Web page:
When I went there it was truly amazing. To have been through many cretan villages seeing only cretans, I washed up in this lovely place to see dozens of hippies just lying in the sun and enjoying themselves. Their colorful clothes a stark contrast to the cretans. There were one or two stone houses and a kind of cave church, but it did not seem that any locals lived there at all.

There was a temporary taverna stroke bar that one of the cretans had set up on the beach and with some beers and some wine and a souvlaki barbecue he did very well. I remember that he also had an old Philips record player there that worked on batteries and he played LPs over and over. That was the Mermaid Cafe as everyone called it.

Today there are hotels and rent-rooms establishments as well as tavernas and in the summer it is chaos. In the winter though, almost nobody lives in Matala. There are no cars and it is almost like it used to be, but no hippies, of course. Oh, and you are not allowed to sleep in the caves anymore.

I never met anyone famous when I was there, but one of the people that spent some time in Matala was Joni Mitchell and she wrote her famous song Carey all about the place, the beach, and it always brings it all back to me.

The Magical Mesara Plain.

In the whole of the island of Crete, one area that is still magical today as well as being vitally important to the history of Crete, is the Mesara Plain. The  Mesara is in southern central Crete in the south of the Nomos of Iraklion. It is the biggest plain in Crete and very important for the extensive agriculture that is produced there both now and around five thousand years ago.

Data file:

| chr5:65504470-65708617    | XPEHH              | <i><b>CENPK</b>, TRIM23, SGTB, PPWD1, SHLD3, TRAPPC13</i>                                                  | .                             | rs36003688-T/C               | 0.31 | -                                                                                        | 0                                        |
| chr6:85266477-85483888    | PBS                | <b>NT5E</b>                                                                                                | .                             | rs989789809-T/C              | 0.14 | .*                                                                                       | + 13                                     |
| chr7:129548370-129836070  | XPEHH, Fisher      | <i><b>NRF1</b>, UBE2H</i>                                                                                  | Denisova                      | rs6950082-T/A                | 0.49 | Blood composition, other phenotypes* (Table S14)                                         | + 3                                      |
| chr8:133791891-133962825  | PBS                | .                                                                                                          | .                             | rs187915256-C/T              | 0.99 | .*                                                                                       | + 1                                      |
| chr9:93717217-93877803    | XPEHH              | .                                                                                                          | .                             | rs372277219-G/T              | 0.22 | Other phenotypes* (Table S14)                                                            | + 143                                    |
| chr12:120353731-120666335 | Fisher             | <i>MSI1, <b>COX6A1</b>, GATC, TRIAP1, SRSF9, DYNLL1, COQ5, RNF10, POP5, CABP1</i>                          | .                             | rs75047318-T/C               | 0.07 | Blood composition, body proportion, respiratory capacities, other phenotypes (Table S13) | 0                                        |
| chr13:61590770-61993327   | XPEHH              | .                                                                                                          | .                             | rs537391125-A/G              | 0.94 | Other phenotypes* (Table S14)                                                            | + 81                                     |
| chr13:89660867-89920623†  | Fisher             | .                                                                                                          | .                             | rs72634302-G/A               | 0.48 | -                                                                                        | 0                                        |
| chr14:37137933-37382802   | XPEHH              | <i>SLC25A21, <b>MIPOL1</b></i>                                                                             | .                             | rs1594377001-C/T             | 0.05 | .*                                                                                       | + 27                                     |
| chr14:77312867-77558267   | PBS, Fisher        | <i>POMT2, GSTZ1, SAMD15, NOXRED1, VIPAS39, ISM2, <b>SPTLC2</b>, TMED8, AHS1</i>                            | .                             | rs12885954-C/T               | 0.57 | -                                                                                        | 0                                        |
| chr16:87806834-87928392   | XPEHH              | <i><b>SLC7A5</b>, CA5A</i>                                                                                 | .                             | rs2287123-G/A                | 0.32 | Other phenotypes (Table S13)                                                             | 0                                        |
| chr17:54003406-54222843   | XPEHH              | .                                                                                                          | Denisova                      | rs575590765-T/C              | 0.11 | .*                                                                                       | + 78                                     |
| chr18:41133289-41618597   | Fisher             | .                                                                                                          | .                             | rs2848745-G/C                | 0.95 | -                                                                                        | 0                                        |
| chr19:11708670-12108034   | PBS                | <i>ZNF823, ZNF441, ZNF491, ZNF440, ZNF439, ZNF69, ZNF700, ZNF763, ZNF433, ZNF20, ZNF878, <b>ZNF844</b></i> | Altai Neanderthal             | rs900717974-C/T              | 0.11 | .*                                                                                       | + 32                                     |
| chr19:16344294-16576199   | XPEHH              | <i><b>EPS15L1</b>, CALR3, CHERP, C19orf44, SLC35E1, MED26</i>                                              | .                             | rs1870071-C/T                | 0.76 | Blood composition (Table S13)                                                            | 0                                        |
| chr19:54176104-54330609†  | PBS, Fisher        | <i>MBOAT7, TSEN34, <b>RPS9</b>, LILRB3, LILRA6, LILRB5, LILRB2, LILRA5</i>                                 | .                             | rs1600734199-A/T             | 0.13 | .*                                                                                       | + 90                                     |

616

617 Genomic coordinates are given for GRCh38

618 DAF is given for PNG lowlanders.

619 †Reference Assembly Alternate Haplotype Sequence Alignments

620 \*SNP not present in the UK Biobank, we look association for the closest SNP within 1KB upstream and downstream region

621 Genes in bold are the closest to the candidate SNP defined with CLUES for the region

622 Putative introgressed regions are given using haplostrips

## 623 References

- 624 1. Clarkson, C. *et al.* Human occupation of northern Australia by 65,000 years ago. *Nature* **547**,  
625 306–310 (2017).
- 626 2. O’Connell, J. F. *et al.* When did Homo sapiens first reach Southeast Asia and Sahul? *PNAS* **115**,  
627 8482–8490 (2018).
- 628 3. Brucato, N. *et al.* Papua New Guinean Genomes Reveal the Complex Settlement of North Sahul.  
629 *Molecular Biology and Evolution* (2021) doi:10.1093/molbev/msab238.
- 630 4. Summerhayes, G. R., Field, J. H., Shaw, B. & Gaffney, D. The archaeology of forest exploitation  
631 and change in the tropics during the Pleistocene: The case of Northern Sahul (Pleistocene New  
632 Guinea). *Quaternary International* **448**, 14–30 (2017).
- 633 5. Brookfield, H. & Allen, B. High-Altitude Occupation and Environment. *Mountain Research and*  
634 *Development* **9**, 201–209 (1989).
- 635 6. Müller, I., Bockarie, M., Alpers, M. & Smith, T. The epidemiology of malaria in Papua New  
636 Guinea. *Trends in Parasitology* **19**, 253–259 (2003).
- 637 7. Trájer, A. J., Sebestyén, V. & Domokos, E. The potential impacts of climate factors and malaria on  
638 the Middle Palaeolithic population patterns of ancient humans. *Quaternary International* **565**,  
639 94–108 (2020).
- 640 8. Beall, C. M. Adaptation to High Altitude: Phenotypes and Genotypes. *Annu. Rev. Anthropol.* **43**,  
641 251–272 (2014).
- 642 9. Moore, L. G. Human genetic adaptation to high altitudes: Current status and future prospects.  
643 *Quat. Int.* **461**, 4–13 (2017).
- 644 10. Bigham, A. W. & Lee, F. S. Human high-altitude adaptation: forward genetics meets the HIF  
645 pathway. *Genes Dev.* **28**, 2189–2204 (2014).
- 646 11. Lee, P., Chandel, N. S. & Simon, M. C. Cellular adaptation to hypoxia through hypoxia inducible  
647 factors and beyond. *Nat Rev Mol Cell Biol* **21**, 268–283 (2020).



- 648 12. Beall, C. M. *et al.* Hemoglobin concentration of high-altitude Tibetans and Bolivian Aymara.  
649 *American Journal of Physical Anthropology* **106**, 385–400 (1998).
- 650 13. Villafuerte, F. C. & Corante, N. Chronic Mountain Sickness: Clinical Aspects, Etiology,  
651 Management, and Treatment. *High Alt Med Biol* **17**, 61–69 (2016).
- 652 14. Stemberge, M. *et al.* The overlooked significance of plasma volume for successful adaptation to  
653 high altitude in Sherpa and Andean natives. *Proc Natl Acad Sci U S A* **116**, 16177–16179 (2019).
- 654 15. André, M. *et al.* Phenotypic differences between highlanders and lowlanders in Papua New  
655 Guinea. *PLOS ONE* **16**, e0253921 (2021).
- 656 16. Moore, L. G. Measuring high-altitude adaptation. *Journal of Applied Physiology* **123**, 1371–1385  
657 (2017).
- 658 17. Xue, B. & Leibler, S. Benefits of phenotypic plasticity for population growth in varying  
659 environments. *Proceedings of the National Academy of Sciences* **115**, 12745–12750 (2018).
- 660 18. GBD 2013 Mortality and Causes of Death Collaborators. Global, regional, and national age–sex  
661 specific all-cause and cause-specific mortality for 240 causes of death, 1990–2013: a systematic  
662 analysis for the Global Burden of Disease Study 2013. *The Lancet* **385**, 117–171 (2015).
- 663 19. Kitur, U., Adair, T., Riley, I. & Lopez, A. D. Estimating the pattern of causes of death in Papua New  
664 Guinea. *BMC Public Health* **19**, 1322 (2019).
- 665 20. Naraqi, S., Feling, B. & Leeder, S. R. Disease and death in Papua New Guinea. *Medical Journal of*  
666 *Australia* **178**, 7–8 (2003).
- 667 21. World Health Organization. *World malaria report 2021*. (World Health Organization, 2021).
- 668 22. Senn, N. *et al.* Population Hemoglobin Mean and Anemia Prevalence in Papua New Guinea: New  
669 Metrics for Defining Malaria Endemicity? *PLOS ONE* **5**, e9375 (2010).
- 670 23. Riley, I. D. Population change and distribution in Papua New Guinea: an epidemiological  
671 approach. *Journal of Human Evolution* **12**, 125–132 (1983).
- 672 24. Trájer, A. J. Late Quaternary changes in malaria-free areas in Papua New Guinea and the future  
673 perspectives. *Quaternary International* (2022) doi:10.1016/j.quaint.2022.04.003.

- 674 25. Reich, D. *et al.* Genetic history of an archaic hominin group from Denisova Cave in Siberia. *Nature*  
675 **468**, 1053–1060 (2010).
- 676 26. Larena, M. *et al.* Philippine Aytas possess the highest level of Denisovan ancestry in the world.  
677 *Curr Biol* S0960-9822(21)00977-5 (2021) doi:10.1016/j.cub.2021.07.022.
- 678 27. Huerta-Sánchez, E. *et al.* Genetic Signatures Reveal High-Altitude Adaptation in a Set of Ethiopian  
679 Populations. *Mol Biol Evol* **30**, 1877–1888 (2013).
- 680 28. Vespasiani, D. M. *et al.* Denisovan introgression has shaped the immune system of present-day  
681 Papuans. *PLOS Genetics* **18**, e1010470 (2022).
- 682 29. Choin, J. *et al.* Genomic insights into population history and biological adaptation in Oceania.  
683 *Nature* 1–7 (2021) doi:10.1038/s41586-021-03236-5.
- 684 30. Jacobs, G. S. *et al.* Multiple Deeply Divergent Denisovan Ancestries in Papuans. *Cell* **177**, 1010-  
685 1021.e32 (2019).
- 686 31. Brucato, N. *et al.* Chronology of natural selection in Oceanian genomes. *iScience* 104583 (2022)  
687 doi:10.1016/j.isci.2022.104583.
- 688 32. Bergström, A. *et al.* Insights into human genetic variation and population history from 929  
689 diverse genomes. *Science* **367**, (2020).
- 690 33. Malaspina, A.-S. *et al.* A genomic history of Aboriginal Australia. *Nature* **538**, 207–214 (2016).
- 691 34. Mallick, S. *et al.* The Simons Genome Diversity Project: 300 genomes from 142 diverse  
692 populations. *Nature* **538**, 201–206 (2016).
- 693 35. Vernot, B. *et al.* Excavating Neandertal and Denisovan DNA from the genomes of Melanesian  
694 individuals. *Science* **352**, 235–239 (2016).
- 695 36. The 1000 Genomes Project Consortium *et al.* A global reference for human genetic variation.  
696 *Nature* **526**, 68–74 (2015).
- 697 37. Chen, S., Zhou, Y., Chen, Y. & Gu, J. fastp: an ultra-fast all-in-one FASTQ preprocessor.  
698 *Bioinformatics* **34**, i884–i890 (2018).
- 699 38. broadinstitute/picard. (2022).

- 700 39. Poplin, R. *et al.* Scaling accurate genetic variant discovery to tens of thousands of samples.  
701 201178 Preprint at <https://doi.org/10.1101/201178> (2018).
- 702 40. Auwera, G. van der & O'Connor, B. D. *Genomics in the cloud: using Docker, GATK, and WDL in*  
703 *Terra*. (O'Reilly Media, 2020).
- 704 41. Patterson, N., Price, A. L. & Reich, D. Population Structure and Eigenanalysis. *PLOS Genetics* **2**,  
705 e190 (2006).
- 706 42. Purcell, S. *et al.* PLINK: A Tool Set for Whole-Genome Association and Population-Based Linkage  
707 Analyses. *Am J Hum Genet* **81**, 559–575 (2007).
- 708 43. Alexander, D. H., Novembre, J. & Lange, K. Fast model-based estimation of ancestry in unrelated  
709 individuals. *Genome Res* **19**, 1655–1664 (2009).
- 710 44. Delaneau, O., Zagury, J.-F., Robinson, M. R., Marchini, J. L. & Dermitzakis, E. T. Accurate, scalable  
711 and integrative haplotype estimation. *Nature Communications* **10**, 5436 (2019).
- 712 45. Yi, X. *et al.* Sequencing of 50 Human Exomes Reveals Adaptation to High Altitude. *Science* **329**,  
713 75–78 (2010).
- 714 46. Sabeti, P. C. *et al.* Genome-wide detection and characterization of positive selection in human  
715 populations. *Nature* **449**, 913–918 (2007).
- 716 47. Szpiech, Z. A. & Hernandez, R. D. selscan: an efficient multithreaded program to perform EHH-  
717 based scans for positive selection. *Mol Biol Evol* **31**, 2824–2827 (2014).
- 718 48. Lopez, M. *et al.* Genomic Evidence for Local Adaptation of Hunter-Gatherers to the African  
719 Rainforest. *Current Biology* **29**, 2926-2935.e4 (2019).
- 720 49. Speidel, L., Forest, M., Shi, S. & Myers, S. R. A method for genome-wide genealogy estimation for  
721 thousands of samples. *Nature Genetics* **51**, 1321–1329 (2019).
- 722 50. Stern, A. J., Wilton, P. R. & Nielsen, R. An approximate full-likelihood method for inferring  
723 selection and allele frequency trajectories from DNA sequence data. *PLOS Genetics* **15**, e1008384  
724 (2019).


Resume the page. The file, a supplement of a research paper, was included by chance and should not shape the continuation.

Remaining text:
The name ‘Mesara’ comes from the Greek for ‘between mountains.’ Mesos – between, oros – mountains, which becomes Mesaoria or the modern word, Mesara. In the north are the southern foothills of the Psiloritis or Ida mountain range and in the south are the Asterousian mountains between the Mesara and the Libyan Sea. The coastline of the Mesara faces west almost from Agia Galini in the north to Matala in the south. Between the two is one of the most perfect and extensive beaches in Crete, mostly with hardly a soul to be seen.

Two rivers flow through the Mesara and both have their source near to the village of Asimi. From there they flow in opposite directions. Geropotamos, known in ancient times as Lethaios, flows westwards to the sea and out into the Gulf of Mesara. Anapodaris, ancient name Katarhaktes, flows into the bay of Derma, east of the village of Tsoutsouros.

Here in the Mesara in ancient times, civilisation grew from Neolithic (5th Century BC) to the modern day. During the Minoan Prepalatial period growth was amazing (4th & 3rd centuries BC) where huge leaps forward were taken in architecture, pottery, the incredible circular tholos tombs, Agios Onoufrios and Kamares ware, countless figurines, seals and jewelry were produced.

In the first Palace period we see the palace at Festos being built (1900 – 1700 BC). The second Palace period was centered around the later palace at Festos, the palatial buildings at Agia Triada and at the port of Kommos just north of Matala near Pitsidia (1700 – 1300 BC).

Later the came Gortyn, the magnificent city that dominated the Mesara for sixteen centuries, from 800BC to 800AD. Gortyn is situated just west of Agioi Deka and covered a diameter of ten kilometres. It is said that in its greatest years over 80,000 people lived in Gortyn and in Roman times it became not only the capital of Crete but the Capital of Cyrene as well (North Africa).

There is still a plane tree in the ruins of Gortyn that keeps its leaves all year. Under that tree Zeus made love to Europa and the children that they produced were Minos, the king at Knossos and his brother Rhadamantys, King of Festos.